These lessons weigh heavily on President Obama despite pressure from countries such as Saudi Arabia, with whom the US has shaky relations with at the moment. The Saudis are concerned with the US policy in Syria especially their lack of lethal aid. Bernard Gwertzman from the Council on Foreign Relations, wrote recently, "The big rumor going around was that the United States was going to agree to give shoulder-launch missiles (i.e., MANPADS) to the Syrian opposition. But the official U.S.
response coming out of the meeting was, 'No, we don’t approve of that,
and we don’t want to see those kinds of weapons introduced because who
knows what’s going to happen to them after that.'"
When the administration first decided to arm the rebels nearly nine months ago, it was important to identify who the rebels really were at that point meaning the US had to distinguish their overall intentions. The US did not want a similar situation of supplying arms directly to terrorists vis-a-vis the Afghan Mujahideen. As the Syrian civil war has progressed, Syria has become a haven for terrorists and extremists as many US officials have warned. Terrorist factions have sided with rebel groups with the hopes of toppling the Assad regime and instituting their own rule of Sharia Law and regional autonomy. The US does not want to be providing aid to these groups yet there have been reports of US equipment falling into the hands of such extremists.
Assistant Secretary of State Patterson addressed this issue in front of the Senate Foreign Relations Committee stating that the aid was suspended until the warehouses became stabilized. She believes they have developed trusted and vetted partners to whom they can send direct aid.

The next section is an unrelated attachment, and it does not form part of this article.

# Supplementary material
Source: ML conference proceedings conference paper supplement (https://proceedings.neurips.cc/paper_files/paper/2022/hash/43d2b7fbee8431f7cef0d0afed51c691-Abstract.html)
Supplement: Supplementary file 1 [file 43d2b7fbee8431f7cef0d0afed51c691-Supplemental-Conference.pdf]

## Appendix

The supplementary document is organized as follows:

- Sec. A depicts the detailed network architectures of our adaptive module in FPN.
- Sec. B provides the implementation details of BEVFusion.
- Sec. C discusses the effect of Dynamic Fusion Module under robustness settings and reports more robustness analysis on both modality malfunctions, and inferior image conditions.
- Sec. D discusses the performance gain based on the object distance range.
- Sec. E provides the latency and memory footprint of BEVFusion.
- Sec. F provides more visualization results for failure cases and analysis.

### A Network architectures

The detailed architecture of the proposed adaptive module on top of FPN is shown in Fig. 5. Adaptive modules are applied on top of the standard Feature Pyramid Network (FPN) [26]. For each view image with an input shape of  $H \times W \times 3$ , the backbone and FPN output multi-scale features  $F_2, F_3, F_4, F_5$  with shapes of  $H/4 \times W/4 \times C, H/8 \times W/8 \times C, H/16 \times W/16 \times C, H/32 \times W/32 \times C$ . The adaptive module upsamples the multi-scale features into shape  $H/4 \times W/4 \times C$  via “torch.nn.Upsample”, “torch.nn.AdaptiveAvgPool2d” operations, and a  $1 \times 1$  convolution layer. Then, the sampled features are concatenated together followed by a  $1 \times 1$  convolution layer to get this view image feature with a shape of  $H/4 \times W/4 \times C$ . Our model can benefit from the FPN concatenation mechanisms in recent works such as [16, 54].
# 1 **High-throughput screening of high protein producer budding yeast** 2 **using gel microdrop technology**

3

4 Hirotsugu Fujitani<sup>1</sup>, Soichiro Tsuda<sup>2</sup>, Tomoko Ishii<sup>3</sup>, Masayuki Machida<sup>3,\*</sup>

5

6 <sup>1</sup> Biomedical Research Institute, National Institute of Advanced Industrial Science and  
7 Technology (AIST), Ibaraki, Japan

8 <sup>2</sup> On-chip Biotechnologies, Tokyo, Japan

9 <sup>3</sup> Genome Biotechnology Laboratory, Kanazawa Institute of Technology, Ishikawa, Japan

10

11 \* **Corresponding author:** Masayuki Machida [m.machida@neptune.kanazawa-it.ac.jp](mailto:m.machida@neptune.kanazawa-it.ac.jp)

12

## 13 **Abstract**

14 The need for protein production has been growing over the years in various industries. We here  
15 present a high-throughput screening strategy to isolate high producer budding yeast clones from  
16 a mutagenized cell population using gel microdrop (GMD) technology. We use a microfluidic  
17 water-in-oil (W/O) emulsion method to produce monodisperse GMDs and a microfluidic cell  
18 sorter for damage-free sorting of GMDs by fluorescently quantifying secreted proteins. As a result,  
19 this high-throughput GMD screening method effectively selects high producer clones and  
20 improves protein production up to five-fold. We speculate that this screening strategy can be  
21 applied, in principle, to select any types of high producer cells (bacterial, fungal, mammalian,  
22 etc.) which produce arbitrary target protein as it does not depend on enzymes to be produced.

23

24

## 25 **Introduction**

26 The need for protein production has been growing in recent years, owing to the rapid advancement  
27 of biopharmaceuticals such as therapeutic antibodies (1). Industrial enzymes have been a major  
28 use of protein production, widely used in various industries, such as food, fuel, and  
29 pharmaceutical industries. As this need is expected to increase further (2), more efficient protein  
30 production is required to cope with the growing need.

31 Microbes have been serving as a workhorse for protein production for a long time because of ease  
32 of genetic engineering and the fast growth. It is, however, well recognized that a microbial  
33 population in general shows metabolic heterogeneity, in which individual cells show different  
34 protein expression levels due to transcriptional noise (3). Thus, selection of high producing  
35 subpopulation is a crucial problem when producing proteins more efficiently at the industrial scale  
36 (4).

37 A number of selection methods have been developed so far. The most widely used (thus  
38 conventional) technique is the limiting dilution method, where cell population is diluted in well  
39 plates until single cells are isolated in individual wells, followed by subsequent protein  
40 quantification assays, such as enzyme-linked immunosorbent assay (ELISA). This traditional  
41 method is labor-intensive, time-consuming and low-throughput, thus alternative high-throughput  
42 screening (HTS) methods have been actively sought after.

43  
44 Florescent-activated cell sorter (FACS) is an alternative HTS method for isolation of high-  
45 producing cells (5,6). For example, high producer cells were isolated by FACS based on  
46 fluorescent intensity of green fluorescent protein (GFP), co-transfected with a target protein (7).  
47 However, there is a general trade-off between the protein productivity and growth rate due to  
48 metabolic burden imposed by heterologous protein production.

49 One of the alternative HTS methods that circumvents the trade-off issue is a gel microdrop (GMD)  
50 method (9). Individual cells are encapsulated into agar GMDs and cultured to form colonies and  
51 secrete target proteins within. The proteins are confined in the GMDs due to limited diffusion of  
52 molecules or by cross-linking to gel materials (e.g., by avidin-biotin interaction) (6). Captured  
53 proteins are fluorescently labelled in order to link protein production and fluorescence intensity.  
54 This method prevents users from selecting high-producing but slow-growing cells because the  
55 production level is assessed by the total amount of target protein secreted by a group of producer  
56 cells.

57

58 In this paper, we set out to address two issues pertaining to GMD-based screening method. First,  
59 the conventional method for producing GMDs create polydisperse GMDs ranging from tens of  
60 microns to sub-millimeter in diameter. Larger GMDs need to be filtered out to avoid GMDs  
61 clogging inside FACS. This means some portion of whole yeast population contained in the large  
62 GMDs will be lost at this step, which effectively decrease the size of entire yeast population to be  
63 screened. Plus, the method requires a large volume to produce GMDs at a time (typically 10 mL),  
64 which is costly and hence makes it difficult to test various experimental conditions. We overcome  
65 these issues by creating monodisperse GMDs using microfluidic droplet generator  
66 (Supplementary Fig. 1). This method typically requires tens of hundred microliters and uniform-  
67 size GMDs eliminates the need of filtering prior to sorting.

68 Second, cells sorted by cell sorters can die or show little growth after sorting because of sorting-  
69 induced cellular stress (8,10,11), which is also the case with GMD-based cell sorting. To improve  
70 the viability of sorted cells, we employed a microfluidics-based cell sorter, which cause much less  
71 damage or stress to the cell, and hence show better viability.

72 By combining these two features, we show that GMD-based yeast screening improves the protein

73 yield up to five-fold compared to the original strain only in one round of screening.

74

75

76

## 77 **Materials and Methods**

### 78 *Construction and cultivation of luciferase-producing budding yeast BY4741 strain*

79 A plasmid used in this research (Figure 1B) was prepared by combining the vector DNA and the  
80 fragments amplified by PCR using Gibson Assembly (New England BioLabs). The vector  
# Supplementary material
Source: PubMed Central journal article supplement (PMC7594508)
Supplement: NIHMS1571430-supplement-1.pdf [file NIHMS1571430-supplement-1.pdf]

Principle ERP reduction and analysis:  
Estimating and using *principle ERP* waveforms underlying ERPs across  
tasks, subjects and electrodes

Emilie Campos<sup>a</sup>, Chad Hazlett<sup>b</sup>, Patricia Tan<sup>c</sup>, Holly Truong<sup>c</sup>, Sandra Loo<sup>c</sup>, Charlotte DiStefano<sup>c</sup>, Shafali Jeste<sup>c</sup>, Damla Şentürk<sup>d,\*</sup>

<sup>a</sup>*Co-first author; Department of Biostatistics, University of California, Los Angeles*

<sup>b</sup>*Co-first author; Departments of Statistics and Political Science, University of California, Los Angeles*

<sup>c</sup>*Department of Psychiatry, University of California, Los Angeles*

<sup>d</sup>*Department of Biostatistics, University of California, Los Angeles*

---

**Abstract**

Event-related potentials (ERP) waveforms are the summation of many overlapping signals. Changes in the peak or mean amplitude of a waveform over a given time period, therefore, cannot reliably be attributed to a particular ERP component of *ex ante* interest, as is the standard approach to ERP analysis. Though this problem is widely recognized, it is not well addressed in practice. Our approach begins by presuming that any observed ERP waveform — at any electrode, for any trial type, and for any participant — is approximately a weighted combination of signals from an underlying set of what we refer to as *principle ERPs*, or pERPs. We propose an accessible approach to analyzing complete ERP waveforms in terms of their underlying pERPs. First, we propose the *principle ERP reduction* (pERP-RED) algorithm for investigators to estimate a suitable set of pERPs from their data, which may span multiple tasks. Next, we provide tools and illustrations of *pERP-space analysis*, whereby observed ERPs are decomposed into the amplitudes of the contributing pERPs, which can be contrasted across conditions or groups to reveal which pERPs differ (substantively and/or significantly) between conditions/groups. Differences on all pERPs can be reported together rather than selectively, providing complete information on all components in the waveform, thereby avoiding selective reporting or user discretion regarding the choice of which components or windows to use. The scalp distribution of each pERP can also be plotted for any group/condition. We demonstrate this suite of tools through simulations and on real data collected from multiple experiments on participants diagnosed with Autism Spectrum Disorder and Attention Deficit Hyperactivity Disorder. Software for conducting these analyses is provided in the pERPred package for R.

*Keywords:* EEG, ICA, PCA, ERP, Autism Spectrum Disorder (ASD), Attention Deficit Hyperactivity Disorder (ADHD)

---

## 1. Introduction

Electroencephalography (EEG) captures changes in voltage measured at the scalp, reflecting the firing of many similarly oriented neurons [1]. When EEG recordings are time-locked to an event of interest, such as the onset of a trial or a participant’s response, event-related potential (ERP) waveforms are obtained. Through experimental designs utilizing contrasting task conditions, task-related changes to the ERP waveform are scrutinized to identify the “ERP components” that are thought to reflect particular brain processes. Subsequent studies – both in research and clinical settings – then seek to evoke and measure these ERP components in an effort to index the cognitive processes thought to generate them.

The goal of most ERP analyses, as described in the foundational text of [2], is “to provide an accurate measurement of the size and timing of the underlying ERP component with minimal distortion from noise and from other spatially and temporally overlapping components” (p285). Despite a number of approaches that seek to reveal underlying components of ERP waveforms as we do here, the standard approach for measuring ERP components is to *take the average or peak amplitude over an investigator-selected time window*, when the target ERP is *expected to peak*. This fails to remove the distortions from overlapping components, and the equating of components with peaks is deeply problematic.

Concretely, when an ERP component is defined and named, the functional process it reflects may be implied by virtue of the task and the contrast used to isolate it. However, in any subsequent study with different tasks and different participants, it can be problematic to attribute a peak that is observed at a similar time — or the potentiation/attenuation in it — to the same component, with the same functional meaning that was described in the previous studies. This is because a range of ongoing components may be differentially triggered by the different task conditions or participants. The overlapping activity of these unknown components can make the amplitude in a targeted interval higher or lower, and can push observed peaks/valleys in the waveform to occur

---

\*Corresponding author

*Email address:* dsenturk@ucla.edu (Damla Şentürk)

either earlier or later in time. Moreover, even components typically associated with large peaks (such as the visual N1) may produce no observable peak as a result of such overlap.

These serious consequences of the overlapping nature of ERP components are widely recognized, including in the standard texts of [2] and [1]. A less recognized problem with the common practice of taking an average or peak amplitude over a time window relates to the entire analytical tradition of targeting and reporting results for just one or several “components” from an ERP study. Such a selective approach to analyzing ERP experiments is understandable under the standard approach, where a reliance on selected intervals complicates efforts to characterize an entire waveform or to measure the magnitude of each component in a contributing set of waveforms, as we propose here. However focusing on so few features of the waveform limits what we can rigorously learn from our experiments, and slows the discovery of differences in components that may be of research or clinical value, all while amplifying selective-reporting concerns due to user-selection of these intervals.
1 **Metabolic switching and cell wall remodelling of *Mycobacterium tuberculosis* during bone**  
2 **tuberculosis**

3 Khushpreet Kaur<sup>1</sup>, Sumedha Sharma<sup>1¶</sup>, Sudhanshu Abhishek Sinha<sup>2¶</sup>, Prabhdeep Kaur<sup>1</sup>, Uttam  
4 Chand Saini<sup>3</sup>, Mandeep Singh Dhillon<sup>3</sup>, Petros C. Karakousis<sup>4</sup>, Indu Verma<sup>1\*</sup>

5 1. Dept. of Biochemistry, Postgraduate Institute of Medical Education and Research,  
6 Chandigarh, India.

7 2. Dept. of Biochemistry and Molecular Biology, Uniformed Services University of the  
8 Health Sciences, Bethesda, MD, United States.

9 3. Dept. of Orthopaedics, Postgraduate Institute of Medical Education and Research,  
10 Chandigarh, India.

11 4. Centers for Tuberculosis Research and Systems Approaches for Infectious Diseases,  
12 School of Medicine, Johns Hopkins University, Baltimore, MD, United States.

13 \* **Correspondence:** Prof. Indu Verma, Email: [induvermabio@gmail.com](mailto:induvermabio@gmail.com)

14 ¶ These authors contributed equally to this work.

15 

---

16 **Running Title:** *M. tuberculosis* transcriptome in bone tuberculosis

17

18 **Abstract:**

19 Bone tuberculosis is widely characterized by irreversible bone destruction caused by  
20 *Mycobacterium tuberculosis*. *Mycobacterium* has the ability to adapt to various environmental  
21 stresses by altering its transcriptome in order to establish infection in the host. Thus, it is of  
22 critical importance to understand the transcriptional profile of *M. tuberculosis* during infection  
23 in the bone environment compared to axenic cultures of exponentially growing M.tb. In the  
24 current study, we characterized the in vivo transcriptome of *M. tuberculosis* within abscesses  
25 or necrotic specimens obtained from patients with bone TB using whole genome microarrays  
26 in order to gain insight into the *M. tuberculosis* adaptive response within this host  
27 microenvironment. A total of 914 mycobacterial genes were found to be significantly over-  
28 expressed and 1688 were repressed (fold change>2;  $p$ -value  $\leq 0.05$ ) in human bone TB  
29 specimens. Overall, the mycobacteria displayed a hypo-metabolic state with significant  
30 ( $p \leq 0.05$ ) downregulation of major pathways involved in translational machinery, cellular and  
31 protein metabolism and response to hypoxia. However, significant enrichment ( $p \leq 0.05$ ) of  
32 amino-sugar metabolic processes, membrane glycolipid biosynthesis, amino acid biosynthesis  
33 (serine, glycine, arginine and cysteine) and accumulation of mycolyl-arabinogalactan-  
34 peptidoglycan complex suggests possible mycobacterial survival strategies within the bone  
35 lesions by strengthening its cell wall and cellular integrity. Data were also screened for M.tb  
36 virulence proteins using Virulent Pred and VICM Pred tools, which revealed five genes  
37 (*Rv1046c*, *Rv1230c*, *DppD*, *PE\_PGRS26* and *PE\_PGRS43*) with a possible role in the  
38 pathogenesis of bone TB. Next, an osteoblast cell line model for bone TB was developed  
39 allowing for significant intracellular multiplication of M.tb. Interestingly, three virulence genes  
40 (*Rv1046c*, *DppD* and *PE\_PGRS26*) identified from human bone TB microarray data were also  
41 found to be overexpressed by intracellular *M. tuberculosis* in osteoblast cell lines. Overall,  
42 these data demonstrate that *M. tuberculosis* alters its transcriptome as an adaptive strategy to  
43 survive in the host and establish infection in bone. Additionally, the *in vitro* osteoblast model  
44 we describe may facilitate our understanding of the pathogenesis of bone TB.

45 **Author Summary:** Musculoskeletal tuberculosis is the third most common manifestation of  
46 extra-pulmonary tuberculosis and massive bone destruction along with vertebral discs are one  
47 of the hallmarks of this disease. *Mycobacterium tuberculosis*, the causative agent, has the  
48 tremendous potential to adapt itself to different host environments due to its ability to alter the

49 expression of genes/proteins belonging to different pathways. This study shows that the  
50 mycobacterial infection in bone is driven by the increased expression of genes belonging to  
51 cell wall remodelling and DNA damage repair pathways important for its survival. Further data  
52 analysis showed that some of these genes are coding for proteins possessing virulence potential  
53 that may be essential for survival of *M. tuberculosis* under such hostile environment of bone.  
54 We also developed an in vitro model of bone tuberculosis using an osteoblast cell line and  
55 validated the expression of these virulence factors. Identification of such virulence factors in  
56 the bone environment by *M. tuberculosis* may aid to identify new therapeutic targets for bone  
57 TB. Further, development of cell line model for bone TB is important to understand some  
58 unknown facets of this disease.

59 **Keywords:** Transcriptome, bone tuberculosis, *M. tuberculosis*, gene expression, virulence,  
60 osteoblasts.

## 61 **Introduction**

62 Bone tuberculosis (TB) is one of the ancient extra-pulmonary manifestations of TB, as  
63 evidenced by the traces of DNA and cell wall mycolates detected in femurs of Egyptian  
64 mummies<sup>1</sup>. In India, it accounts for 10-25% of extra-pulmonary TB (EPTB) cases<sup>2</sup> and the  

There are myriad concerns regarding policy in Syria and the US should not approach it lightly. Despite the disapproval of many in Congress and many Americans, the Obama administration has been careful not to provide aid that can one day be used against the US. However, by continuing to seemingly do nothing, US allies remain as frustrated as those in Congress and relations are beginning to become strained. The administration had, however, taken covert measures to train rebels in Jordan using CIA personnel and funds to hide the actions from Congressional oversight.
As Slate's chief political correspondent John Dickerson stated recently in a podcast, there was covert action taken by the Obama administration to disrupt the Iranian nuclear program, such as hacking into computer programs, that the administration could not share with the American public insinuating that despite the heat the administration has taken on Iran and Syria, there are moving parts behind the scenes that cannot be disclosed in public.
Case in point, Assistant Secretary of State Patterson's insistence on a classified briefing to members of the Senate Foreign Relations Committee regarding military options on the table. The chair and ranking member of the panel, Senator Bob Menendez (D-NJ) and Senator Corker, were not pleased with the insistence of a classified briefing as past briefings have provided little useful information. The senators agreed to a classified briefing provided intelligible answers to four questions were obtained: 1) what are all the military options being considered; 2) what are all options overt and covert being considered; 3) what happens to undisclosed chemical weapons, and; 4) what are the consequences if Syria misses the deadline to eliminate all of their stockpiled chemical weapons? As the administration continues to analyze their policy in Syria, it is important to point out the lessons from the past that are shaping the decision.